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Stages of Cultural Adjustment

STAGE #1: Initial Euphoria - "Honeymoon" Stage
After the stress of deciding where to study abroad and completing the numerous pre-departure requirements, you prepare to leave. There is the excitement and anticipation of spending time in a new country mixed with the sadness of leaving family and friends. You find yourself stepping off the plane and into a new place. Everything seems different, new, and exciting. The language is different, the food is interesting, the buildings are charming, you are eager to meet host country friends and everything is wonderful - it's the "perfect" place. Although you miss your family and friends, the novelty and excitement of experiencing a new environment outweigh the loss. This is the first phase of many new experiences, and much excitement and adoration. You feel great, and this is the perfect way to start your time abroad.

STAGE #2: Frustration - Cultural Confrontation
After about three to six weeks the things you may have found exciting and wonderful begin to appear as more of a problem. Your feelings can shift from very positive to extremely negative. The language is a challenge and sometimes translation can be tiring. You long for familiar food, and you decide that the charming building doesn't have all the conveniences you are accustomed to at home. Homesickness may also contribute to your feelings of discomfort. You have developed "culture shock" - the reaction people feel when they move for an extended period into a culture that is different from their own. Culture shock results from the experience of encountering ways of doing, organizing, perceiving or valuing things that threaten your basic, unconscious belief that your ways are "right." It is cumulative, building slowly from a series of small events that are difficult to identify.

Symptoms of culture shock vary from individual to individual. Some students may have little or no reactions or symptoms during this phase. Others may feel tired all the time, both physically from trying to understand the language, customs and a myriad of unfamiliar daily tasks, and emotionally, because as hard as you try to reach out and connect, you realize that you will never really be one of the locals. Disappointment and irritability can set in. Suddenly, the food is inadequate, the facilities aren't clean enough, people are abrupt, and the bureaucracy is relentless.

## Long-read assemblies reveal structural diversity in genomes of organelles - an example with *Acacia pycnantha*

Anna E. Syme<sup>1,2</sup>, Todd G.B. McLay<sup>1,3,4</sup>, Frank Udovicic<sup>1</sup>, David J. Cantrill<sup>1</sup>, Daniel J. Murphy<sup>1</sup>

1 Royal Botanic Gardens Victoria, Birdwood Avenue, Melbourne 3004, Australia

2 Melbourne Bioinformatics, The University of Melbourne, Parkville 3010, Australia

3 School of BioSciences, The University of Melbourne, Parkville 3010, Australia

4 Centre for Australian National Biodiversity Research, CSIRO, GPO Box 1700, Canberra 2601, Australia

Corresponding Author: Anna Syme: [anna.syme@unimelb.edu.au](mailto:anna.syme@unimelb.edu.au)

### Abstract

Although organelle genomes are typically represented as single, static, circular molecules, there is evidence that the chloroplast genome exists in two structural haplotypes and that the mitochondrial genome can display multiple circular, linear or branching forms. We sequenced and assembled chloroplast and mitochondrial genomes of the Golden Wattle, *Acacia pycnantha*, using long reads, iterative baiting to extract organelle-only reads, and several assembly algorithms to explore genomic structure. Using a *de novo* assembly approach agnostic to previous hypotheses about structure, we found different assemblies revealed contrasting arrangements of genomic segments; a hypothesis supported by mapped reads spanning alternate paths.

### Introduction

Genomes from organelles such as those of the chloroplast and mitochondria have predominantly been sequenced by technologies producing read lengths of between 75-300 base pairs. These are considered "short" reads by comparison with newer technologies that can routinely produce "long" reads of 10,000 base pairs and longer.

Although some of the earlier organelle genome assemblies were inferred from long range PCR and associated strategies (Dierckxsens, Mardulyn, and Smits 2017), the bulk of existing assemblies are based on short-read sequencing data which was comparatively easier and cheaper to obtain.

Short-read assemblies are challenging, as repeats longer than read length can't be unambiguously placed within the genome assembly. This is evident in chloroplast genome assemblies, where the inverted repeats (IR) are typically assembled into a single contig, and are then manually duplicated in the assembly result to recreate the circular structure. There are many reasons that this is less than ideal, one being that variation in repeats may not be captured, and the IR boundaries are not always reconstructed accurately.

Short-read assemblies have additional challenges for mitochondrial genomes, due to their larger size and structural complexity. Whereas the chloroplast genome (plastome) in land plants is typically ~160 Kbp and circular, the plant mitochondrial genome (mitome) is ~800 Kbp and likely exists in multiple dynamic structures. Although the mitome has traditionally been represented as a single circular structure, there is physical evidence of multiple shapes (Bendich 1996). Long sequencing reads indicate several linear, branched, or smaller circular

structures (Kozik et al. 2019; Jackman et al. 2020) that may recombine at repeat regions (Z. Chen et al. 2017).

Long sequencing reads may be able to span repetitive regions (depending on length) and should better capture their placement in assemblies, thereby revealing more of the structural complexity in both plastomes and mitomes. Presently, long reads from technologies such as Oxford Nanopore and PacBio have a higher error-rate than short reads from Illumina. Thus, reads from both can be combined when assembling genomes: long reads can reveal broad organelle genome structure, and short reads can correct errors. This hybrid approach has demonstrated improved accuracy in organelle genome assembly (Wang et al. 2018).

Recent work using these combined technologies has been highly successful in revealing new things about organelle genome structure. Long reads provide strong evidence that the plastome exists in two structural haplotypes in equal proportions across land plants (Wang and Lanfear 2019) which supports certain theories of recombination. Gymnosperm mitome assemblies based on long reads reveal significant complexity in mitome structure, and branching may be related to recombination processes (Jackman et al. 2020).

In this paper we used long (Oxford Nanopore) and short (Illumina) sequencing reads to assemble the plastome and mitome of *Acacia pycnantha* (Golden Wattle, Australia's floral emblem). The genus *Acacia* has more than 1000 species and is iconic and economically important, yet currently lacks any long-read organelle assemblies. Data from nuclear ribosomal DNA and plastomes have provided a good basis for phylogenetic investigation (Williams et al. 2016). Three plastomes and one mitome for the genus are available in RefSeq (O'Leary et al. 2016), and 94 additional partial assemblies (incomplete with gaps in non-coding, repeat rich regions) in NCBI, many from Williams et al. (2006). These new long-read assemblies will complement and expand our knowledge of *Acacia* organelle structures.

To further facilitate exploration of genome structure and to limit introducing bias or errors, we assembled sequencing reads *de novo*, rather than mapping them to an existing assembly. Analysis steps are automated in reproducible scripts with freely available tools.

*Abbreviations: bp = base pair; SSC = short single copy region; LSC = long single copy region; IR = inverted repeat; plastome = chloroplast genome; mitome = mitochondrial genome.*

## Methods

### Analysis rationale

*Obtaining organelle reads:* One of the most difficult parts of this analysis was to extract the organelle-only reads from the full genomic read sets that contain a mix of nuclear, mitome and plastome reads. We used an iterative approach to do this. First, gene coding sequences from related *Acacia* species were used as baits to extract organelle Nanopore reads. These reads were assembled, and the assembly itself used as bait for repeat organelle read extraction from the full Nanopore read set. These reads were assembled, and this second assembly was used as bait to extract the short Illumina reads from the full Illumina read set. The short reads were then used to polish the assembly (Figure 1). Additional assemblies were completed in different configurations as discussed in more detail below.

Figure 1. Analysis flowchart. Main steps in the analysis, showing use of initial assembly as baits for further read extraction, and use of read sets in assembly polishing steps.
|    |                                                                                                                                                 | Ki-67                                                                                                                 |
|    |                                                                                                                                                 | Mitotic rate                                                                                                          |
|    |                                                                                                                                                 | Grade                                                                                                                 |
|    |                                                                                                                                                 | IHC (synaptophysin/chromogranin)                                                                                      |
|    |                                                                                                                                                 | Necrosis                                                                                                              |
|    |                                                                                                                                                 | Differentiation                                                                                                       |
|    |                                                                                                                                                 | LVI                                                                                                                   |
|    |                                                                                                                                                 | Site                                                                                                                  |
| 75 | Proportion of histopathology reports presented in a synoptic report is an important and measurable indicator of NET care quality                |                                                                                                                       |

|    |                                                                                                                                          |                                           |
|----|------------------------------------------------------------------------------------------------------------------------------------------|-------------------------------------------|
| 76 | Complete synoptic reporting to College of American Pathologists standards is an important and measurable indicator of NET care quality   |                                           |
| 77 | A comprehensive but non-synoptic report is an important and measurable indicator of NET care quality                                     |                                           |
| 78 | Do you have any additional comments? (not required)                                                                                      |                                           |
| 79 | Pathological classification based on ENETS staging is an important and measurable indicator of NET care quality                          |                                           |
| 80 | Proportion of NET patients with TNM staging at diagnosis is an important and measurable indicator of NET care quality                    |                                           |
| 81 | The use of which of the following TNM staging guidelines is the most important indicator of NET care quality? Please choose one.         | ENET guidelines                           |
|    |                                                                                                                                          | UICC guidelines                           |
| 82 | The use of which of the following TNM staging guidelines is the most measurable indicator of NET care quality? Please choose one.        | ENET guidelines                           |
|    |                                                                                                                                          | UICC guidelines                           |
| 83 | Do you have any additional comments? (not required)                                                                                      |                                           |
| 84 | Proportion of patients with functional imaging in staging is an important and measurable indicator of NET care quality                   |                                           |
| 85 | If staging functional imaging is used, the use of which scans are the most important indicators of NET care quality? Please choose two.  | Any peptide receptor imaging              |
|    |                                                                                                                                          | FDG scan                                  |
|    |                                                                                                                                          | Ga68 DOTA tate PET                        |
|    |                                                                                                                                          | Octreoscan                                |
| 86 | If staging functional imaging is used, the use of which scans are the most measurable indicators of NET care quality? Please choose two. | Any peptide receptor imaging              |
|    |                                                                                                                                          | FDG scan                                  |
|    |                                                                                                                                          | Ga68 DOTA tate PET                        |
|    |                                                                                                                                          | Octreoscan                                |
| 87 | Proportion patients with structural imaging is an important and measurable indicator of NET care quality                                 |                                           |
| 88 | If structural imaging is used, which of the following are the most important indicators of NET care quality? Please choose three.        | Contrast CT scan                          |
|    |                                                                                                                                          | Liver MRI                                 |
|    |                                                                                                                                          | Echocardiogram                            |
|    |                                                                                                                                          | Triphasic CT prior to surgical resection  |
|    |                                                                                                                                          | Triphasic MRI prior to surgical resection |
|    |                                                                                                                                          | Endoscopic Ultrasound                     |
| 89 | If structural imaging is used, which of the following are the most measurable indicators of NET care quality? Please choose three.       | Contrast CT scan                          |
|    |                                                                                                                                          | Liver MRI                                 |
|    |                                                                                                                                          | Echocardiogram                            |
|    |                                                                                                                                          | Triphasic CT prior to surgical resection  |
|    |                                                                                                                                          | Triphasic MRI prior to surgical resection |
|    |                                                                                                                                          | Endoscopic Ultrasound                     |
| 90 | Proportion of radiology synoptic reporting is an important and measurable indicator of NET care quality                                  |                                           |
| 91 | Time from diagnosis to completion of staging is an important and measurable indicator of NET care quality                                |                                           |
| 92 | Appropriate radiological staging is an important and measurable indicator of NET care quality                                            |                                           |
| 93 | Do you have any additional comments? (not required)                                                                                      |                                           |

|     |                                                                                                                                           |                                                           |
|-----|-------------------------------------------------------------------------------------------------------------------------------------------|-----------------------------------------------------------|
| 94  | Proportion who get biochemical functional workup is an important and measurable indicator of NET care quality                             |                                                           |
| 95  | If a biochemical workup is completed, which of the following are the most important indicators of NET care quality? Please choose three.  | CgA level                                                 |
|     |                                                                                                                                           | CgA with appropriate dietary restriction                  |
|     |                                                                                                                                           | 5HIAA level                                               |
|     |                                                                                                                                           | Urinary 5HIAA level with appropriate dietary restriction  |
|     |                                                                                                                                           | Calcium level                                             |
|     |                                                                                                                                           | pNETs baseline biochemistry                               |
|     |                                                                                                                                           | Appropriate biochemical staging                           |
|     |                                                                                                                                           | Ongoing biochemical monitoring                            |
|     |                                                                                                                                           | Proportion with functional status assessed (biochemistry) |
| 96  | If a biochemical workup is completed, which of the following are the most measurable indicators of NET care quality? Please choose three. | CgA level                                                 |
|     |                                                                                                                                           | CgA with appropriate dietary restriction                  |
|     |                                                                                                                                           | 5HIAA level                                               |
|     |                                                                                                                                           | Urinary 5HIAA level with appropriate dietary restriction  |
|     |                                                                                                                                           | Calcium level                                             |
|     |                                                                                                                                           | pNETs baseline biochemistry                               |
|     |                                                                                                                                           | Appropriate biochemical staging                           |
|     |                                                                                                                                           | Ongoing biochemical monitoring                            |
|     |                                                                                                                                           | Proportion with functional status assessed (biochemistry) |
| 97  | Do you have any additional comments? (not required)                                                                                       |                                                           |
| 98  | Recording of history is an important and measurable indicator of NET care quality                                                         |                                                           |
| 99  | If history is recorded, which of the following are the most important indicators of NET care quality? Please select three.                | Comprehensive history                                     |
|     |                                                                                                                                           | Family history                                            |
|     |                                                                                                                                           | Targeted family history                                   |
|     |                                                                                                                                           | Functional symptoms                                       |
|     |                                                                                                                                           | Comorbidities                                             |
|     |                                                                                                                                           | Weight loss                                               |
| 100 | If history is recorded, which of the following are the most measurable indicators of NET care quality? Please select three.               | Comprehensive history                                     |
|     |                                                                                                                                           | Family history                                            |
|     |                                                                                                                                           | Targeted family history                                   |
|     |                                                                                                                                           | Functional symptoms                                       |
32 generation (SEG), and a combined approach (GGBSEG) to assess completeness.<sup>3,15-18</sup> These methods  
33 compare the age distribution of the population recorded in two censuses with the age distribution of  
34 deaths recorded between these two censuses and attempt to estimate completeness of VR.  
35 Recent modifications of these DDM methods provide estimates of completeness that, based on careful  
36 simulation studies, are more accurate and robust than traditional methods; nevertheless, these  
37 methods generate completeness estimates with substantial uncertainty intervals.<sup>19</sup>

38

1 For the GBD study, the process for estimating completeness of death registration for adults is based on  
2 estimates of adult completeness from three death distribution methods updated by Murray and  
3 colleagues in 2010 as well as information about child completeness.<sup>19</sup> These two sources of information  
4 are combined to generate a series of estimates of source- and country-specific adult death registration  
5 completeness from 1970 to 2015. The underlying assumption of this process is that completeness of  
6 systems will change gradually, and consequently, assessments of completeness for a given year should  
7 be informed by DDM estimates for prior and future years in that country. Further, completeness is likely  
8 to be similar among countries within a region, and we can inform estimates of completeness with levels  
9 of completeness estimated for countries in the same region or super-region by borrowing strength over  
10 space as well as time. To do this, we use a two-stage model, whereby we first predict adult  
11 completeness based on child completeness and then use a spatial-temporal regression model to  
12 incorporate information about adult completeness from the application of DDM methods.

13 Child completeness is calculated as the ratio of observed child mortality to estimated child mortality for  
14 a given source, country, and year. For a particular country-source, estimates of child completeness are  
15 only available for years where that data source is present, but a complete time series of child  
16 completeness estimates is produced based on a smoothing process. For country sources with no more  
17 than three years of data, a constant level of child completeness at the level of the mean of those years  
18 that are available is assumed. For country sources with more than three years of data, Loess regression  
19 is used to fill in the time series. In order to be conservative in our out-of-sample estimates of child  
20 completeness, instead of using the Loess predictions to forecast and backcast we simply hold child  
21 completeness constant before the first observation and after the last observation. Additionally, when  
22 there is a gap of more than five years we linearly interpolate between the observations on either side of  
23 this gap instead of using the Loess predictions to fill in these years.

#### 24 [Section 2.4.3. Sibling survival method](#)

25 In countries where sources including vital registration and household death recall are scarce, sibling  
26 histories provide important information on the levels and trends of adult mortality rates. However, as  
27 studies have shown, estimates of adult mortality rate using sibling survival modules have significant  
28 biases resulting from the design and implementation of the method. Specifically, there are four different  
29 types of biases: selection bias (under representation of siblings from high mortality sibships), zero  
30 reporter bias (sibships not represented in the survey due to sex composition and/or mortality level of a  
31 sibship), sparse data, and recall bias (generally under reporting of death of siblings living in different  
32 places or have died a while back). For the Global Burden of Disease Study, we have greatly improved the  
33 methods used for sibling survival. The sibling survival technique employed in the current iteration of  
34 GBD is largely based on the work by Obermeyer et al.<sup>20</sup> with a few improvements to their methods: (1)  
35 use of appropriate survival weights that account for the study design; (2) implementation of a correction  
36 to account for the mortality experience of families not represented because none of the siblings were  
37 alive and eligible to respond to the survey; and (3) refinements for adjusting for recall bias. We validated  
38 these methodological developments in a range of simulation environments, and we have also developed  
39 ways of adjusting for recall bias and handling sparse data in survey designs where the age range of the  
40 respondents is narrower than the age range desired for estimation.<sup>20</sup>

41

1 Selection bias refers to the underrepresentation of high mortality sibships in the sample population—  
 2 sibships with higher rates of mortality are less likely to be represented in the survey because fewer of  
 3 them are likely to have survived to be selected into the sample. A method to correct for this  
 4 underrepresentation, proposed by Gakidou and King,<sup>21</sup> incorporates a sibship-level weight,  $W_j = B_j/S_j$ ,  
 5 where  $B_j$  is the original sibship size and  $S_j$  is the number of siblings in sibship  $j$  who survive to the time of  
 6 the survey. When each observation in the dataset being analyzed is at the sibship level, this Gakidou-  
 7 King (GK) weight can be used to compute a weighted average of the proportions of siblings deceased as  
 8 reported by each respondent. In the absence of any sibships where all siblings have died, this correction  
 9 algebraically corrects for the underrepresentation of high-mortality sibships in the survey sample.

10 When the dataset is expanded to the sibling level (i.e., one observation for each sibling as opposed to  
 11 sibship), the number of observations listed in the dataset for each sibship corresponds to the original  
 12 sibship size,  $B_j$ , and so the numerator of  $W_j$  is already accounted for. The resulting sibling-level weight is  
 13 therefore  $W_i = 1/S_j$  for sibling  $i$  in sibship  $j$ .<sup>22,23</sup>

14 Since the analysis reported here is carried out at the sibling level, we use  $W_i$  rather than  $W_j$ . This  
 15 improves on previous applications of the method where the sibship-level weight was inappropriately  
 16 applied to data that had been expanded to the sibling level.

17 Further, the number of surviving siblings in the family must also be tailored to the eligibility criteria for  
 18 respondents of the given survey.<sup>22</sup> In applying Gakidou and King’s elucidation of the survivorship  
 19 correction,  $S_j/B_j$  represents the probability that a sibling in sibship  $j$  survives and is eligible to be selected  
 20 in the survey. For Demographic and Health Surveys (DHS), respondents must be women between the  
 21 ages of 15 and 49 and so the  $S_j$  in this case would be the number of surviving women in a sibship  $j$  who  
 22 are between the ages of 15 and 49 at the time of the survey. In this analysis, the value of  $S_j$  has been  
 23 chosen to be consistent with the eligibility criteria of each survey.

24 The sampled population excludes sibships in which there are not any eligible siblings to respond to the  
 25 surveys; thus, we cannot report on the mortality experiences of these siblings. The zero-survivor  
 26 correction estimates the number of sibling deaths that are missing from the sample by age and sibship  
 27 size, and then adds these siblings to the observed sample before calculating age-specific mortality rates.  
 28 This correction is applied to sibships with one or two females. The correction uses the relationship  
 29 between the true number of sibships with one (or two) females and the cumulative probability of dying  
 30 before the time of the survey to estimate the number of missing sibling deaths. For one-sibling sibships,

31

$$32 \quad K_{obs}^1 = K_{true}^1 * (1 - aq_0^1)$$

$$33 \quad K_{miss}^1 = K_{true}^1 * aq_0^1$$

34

If you decide to write home during this phase you may want to write the email and file it rather than hitting the send key. Re-read the message in a few days and see if you still feel the same way. Often the problem has disappeared and your feelings have changed. This method can help to avoid upsetting your family unnecessarily. Expressing your feelings in a journal, to a friend on your program, to your program director, or to the staff at Rice Study Abroad often helps put things in perspective.

Despite these feelings, you are making critical progress in expanding your cross-cultural awareness. Whether or not you are aware of it, you are developing your own strategies for coping with cultural differences. 

Please remember… The staff at the Rice Study Abroad and Wellbeing offices are always available if you ever need someone to talk to!

STAGE #3: Cultural Adjustment and Adaptation
Eventually, you are starting to feel more at home. You feel increasingly comfortable and competent in the culture and have adjusted to the differences. You have made friends and may feel that your language skills are really just beginning to develop as you had hoped. You start to look forward to further interactions in the host country and what you can learn throughout the remainder of your experience. Congratulations, you have adjusted and adapted!

Undergoing this cultural adjustment is in itself a learning experience and an opportunity to grow. It is a way of sensitizing yourself to another culture at a level that goes beyond the intellectual and rational. Once you have gone through the uncomfortable stages of psychological adjustment, you will be in a much better position to fully appreciate the cultural differences that exist.

STAGE #4: Acceptance - "Home" Stage 
This final stage happens when the new culture no longer feels "new", but like a second home. Now you are able to compare your host culture and your home culture and find things you like more or less in each. These differences are no longer a problem for you, but a source of richness. You appreciate both cultures and are able to critique both. You are able to live successfully in two different cultures. These are all skills and personal achievements that you can bring back home with you, and that can help you back at Rice and in your professional life.


Remember that how an individual passes through these stages of cultural adjustment varies depending on one's personal characteristics and background, the host country, and the program structure. Some study abroad students may experience few changes while others may be more aware of major transitions. One important factor that slows your adjustment to the new environment is excessive contact with family and friends back home or on your home campus. Constant e-mail, Facebook and phone contact with friends and family in the U.S. may be reassuring but it will also keep you from learning about a new environment and making new friends. We suggest you limit your communication to a few hours one day a week and spend the rest of the week living and fully experiencing your new life abroad.